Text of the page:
I don't want to get there and find out that 45600 euro a year is on the lower side of the salary scale and that I'll barely make ends meet.

Can you tell me how much it costs to live in Brussels or within 60km of it?

Thank you and excuse my ignorance.

Paeter.

[Edited at 2009-04-16 09:18 GMT]


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Williamson  Identity Verified
United Kingdom
Local time: 22:01
Flemish to English
+ ...
2 cents Apr 18, 2009

The current salaries of EU-officials can be found on the EPSO website.
A beginner has 4000 euro net.

Cost of living in Brussels is a bit higher than in Belgium, especially rent has risen a lot. For a nice place of three rooms, one of my acquaintances pays 640 euro per month). In Walllonia (south of Belgium), the cost of living tends to be a bit cheaper than in Flanders.
Brussels + 60 km North = Genth and almost Bruges.
Price of rent : about 500 euros per month, althoug if you look hard, you can find rooms of 380 euros. Have look at www.immoweb.be

Add to that about 1100 euros to live and you can save handsomely from a basic EU-interpreter's salary.
Competitions at the E.U. are only for E.U.nationals, don't know about being a freelancer.
Interpreter competitions are mostly for people with Eastern-European languages+ Maltese.

However, outside Eurocracy for Joe Doe means survival on a very small net-salary :

The average salary of a lower manager is about 1800-2000 euro per month net.
The average income of a translator at a goverment body about 1600= more or less the cost of living, but during the weekends most professionals (like my brother) moonlight.
People officially work 5 days a week, but in reality 6.

As an regular employee, your cash-flow equals almost 0. You work to survive.
Entrepreneurship : a strange word in Belgium. A phenomenon like Richard Branson would have been impossible in that country. Setting up shop equals awaking a tax-loving bureaucracy, which devours half of your gross income.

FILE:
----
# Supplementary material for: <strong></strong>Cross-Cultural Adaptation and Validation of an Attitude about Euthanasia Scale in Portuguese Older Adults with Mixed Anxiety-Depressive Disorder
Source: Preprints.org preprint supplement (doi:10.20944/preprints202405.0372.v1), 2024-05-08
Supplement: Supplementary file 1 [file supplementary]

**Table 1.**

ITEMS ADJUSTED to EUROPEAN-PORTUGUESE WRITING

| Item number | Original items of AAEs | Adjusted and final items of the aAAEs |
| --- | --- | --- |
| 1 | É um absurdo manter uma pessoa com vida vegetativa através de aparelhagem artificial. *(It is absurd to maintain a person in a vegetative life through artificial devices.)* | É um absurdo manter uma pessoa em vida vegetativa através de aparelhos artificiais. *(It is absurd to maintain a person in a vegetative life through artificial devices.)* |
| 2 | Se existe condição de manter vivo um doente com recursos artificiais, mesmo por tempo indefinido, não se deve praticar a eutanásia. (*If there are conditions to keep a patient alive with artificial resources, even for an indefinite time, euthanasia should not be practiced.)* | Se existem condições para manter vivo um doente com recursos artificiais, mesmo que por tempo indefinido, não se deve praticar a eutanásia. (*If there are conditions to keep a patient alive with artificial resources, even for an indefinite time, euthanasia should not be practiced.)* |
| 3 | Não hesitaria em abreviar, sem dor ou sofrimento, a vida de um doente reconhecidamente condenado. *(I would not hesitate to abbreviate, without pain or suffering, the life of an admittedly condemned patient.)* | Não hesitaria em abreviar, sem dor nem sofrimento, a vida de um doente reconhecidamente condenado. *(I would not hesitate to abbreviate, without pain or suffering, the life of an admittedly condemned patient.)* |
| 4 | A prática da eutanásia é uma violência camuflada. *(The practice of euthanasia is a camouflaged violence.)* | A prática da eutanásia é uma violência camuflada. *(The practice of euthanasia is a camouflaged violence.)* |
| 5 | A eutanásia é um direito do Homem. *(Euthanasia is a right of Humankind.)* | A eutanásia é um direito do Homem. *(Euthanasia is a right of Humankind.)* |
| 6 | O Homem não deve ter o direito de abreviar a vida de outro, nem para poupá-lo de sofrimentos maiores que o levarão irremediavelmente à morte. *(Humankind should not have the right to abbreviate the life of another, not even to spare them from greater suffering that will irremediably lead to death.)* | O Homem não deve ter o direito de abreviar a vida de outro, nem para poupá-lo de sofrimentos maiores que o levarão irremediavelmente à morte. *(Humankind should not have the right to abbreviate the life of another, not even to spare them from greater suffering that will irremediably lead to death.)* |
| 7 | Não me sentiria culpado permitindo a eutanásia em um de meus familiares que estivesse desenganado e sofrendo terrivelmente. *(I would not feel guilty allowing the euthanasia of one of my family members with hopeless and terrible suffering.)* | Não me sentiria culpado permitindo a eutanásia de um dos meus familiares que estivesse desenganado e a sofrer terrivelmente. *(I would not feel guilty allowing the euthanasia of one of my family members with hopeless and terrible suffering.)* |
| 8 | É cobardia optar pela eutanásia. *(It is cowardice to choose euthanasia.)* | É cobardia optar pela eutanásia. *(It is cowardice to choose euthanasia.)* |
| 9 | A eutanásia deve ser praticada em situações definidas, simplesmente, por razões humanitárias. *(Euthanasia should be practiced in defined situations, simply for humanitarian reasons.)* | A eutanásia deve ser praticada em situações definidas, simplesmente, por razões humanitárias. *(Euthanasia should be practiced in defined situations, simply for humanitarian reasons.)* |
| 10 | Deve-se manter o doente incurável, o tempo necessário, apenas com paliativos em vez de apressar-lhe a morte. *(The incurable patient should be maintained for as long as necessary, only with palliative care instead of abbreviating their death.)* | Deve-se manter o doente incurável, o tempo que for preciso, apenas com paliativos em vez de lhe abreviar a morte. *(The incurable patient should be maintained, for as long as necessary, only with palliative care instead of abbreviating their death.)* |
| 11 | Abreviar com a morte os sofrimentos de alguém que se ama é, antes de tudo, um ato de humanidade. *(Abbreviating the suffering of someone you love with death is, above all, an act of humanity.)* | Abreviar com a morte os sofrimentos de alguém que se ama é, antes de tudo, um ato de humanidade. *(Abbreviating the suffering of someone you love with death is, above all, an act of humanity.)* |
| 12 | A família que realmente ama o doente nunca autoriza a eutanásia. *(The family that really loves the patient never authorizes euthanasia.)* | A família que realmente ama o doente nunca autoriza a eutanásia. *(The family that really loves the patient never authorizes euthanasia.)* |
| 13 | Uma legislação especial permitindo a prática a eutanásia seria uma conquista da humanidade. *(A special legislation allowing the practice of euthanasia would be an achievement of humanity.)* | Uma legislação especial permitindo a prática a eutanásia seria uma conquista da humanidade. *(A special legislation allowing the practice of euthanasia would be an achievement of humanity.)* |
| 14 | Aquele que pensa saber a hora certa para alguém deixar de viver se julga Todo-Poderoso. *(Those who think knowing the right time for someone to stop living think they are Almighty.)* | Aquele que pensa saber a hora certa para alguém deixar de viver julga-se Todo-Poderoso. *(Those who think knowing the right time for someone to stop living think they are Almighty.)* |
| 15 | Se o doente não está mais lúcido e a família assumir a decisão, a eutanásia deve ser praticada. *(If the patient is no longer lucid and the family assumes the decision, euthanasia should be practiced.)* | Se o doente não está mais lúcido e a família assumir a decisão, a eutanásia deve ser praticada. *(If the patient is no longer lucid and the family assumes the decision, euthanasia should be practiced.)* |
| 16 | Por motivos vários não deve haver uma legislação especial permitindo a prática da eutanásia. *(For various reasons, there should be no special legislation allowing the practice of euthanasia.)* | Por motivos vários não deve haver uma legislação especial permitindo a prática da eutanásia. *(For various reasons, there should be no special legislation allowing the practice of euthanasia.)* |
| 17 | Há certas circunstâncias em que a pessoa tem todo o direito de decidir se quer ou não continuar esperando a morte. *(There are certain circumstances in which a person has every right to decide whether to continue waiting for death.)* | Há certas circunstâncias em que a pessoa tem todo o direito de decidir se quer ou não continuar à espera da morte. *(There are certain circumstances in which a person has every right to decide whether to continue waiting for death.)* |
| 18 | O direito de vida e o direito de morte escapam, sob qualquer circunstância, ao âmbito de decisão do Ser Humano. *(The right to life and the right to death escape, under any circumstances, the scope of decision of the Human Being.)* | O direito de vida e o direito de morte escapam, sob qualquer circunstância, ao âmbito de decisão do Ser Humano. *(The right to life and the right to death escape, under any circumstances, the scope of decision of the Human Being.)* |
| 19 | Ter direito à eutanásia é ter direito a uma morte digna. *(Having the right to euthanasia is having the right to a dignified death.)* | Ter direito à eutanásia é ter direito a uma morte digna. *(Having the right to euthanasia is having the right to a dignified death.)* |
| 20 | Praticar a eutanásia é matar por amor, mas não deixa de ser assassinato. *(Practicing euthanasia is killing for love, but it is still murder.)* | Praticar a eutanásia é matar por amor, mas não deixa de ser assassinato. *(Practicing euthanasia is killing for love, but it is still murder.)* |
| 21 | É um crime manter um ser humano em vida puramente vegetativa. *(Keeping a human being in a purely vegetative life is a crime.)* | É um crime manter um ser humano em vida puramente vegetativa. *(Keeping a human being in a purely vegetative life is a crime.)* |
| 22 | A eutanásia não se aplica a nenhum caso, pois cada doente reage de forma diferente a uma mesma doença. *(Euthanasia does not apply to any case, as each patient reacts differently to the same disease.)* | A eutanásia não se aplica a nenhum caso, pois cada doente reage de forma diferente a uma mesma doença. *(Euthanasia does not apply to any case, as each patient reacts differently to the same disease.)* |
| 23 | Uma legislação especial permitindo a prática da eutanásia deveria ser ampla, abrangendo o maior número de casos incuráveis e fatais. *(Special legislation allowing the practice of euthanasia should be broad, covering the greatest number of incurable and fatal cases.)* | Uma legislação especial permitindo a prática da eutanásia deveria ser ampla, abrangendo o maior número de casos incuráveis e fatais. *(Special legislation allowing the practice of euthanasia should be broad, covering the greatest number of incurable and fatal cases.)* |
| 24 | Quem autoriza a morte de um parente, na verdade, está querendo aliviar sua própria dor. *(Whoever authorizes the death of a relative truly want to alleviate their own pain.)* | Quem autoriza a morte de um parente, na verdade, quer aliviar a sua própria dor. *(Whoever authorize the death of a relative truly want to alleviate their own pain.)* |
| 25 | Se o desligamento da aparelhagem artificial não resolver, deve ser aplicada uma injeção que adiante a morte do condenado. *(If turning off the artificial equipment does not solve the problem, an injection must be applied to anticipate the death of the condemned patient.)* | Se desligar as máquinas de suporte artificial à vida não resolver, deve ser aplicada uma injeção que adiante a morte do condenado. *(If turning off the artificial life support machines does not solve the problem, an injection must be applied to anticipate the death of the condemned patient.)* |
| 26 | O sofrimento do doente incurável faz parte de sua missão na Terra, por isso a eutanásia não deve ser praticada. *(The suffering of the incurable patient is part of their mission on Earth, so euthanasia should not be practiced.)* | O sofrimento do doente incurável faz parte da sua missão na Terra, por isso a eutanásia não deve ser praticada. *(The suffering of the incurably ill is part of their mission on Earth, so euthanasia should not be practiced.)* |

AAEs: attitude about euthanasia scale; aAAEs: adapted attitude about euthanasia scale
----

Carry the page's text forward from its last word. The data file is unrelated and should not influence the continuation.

[Modifié le 2009-04-18 14:22 GMT]


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FarkasAndras
Local time: 23:01
English to Hungarian
+ ...
it is good Apr 18, 2009

Paeter wrote:

Hey, this is my first post

I had to say that 3800 euro sounds like a lot to me. That's 45600 euro a year.

Is the cost of living higher? Or is it really that good? That's 83,491.51 AUD! I wanted to become an interpreter because it gives me a sense of satisfaction and I love languages. But I also wanted earn a decent amount for a living. In Australia you would be lucky to make $20,000 a year as an interpreter. (but there is almost no demand here) For example, here it costs about $300 a week for a good place to rent. For that you could probably afford to mortgage one.

I don't want to get there and find out that 45600 euro a year is on the lower side of the salary scale and that I'll barely make ends meet.

Can you tell me how much it costs to live in Brussels or within 60km of it?

Thank you and excuse my ignorance.

Paeter.

[Edited at 2009-04-16 09:18 GMT]


I think it's safe to say that EU interpreters are well paid, whichever way you slice it. As far as I can tell the working conditions are good - excellent, even - and of course they get great pension and other benefits as well, and extraordinary job security. As a staff interpreter told me, you won't get fired unless you drink on the job or have scandalous office love affairs etc. It's a good job, full stop.
You also have to be damn good and perhaps a bit lucky to get in (have the right mother tongoue, mostly). As a somewhat bitter poster said above, they don't give a damn if you interpreted for the pope before, and that's how it should be. If you're good enough on the day, they hire you. If not, best of luck next time. They generally get to pick their people from among the best of the best in Europe, so the tests for freelancers and the competitions for staff positions are obviously tough, but they are fair.
BTW I'm on the EU freelancer list, just about to fly to Brussels for my first job there, so the above is from my own experience and what full-time staffers told me.

As an aside, I don't think you have much of a chance as an Australian. As far as I know, they are not too fond of non-British accents, and I believe you need to be a national of a member state to get hired, even as a freelancer.

[Edited at 2009-04-18 18:34 GMT]


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Paeter
English
Thanks for the reply Apr 19, 2009

FarkasAndras wrote:

Paeter wrote:

Hey, this is my first post

I had to say that 3800 euro sounds like a lot to me. That's 45600 euro a year.

Is the cost of living higher? Or is it really that good? That's 83,491.51 AUD! I wanted to become an interpreter because it gives me a sense of satisfaction and I love languages. But I also wanted earn a decent amount for a living. In Australia you would be lucky to make $20,000 a year as an interpreter. (but there is almost no demand here) For example, here it costs about $300 a week for a good place to rent. For that you could probably afford to mortgage one.